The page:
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Internal Migration: Opportunities to Speed up the Urbanization Process

Soonhwa Yi's picture

We tend to think of migration in the international context, but a greater scale of migration takes place within a country. China estimates that some 3.6 billion trips will be made during the 40-day period surrounding the Lunar New Year holiday this year. Some are on vacation and business, but most are to return home. Baidu even visualizes this massive internal migration from one place to another on a China map.

People cross provincial boundaries for many reasons – to find jobs, to earn higher incomes, to attain better/higher education or skills, to access hospital and other public services, to join family members, or to escape political instability or violence. Research has shown that, of all these, average wage differences are the most important factor to explain internal migration.

Migrants are not randomly selected. Rather, they tend to be young, more educated, and more driven, and have better family/relative contacts in destinations. Distance appears to matter more for the uneducated than the educated.  

This internal migration can contribute to attain fast economic growth and poverty reduction. Migration, especially rural-urban mobility, helps to improve the efficiency of labor use and rural areas benefit from out-migration through remittances. World Bank (2005) estimates that in China, moving 10 percent of the labor force out of the agriculture sector could result in a 6.4 percent increase in GDP. In Korea, some 45 percent of the population migrated across provincial boundaries, contributing to fast urbanization, concentration of economic activities, and flexible reallocation of labor.

However, this can come at a price, when not managed properly. The presence of ‘irregular migrants’ within the country is a key example. This happens when provincial rules and regulations make it difficult for new comers to obtain residency in the new place. This phenomenon has been widely reported for China –e.g., parents’ not having residency status in a migrated city has forced them to send their children to their hometowns to attend high schools, or migrants’ having no access to basic services. India is no exception. When poor Indians cross provincial borders to find jobs, they often end up working in the informal sector and cannot document their residency or income; as a result they cannot access basic entitlements such as ration cards that allow them to buy food at government shops (fair price shops).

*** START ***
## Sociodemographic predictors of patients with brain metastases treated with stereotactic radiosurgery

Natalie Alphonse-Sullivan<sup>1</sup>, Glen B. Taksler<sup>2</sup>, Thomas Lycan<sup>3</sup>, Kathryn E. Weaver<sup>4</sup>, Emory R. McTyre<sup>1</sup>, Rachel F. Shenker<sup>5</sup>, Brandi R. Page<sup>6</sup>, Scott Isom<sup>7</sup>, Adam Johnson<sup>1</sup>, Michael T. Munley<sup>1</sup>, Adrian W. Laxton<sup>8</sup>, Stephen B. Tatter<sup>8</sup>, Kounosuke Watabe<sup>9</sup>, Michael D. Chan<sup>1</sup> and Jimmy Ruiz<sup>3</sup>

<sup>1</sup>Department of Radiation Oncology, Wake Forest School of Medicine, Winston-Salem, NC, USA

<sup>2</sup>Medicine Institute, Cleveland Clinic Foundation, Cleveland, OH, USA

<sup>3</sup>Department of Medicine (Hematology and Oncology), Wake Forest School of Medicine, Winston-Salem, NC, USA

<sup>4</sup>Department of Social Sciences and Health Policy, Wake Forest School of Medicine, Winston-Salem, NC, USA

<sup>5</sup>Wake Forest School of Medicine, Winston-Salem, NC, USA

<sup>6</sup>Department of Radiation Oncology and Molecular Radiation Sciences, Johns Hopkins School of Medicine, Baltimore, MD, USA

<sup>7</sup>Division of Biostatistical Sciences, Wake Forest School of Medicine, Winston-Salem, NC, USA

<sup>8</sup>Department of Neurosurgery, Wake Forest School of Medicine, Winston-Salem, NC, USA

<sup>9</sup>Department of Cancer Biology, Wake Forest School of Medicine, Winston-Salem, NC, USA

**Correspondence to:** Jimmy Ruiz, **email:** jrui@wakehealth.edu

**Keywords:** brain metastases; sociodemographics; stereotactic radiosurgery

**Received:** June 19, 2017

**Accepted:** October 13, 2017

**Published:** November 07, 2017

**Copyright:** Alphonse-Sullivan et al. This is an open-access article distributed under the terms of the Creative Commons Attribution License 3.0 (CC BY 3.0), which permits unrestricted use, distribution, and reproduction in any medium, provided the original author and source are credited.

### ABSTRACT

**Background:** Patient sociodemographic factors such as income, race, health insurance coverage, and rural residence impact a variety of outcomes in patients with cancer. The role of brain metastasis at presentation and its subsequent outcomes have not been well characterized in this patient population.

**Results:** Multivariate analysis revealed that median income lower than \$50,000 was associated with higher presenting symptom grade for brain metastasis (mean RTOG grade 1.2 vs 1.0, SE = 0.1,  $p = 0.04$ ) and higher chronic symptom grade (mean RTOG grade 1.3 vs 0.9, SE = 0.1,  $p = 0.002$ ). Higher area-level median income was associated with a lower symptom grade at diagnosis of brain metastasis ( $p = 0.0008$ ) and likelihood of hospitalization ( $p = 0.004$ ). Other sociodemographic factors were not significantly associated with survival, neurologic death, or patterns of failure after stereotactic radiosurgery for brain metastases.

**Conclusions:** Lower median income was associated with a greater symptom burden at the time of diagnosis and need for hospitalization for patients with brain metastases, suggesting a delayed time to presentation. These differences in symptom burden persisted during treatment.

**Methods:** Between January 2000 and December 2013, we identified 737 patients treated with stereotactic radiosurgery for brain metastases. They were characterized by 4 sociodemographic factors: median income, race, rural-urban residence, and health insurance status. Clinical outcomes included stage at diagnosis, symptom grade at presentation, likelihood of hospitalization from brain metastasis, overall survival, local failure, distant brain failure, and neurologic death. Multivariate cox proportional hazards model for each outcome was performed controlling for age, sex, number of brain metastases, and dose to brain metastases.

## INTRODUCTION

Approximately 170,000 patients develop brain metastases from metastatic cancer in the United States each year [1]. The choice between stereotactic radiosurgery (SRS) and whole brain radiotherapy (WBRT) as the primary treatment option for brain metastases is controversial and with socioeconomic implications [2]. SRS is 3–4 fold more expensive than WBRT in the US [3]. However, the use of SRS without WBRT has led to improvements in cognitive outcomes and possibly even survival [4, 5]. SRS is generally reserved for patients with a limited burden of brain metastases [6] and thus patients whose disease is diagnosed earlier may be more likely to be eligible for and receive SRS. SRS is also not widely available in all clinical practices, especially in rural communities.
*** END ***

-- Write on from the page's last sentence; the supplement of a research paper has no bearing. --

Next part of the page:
Urban congestion is another price to pay, when the speed of the urban population growth outstrips the capacity of governments to provide basic public services. Studies have also shown that an autonomous expansion of urban employment growth could lead to higher levels of unemployment.

Rapid growth of internal migration can speed up the process of urbanization and expand the boundary of a city, and therefore it plays a critical role in the decision-making process of urban planning. Sending local governments can explore opportunities to improve connectivity with destinations and other major urban areas, create business-conducive environment to create higher income opportunities, and to harness remittances for development. Receiving local governments, on the other hand, can create easier interactions between labor, capital and land, use revenues from active economic activities to invest in public infrastructure in order to accommodate demand from new comers, and conduct necessary fiscal reforms to ensure portability of basic social entitlements – e.g., education, health, housing and pension.

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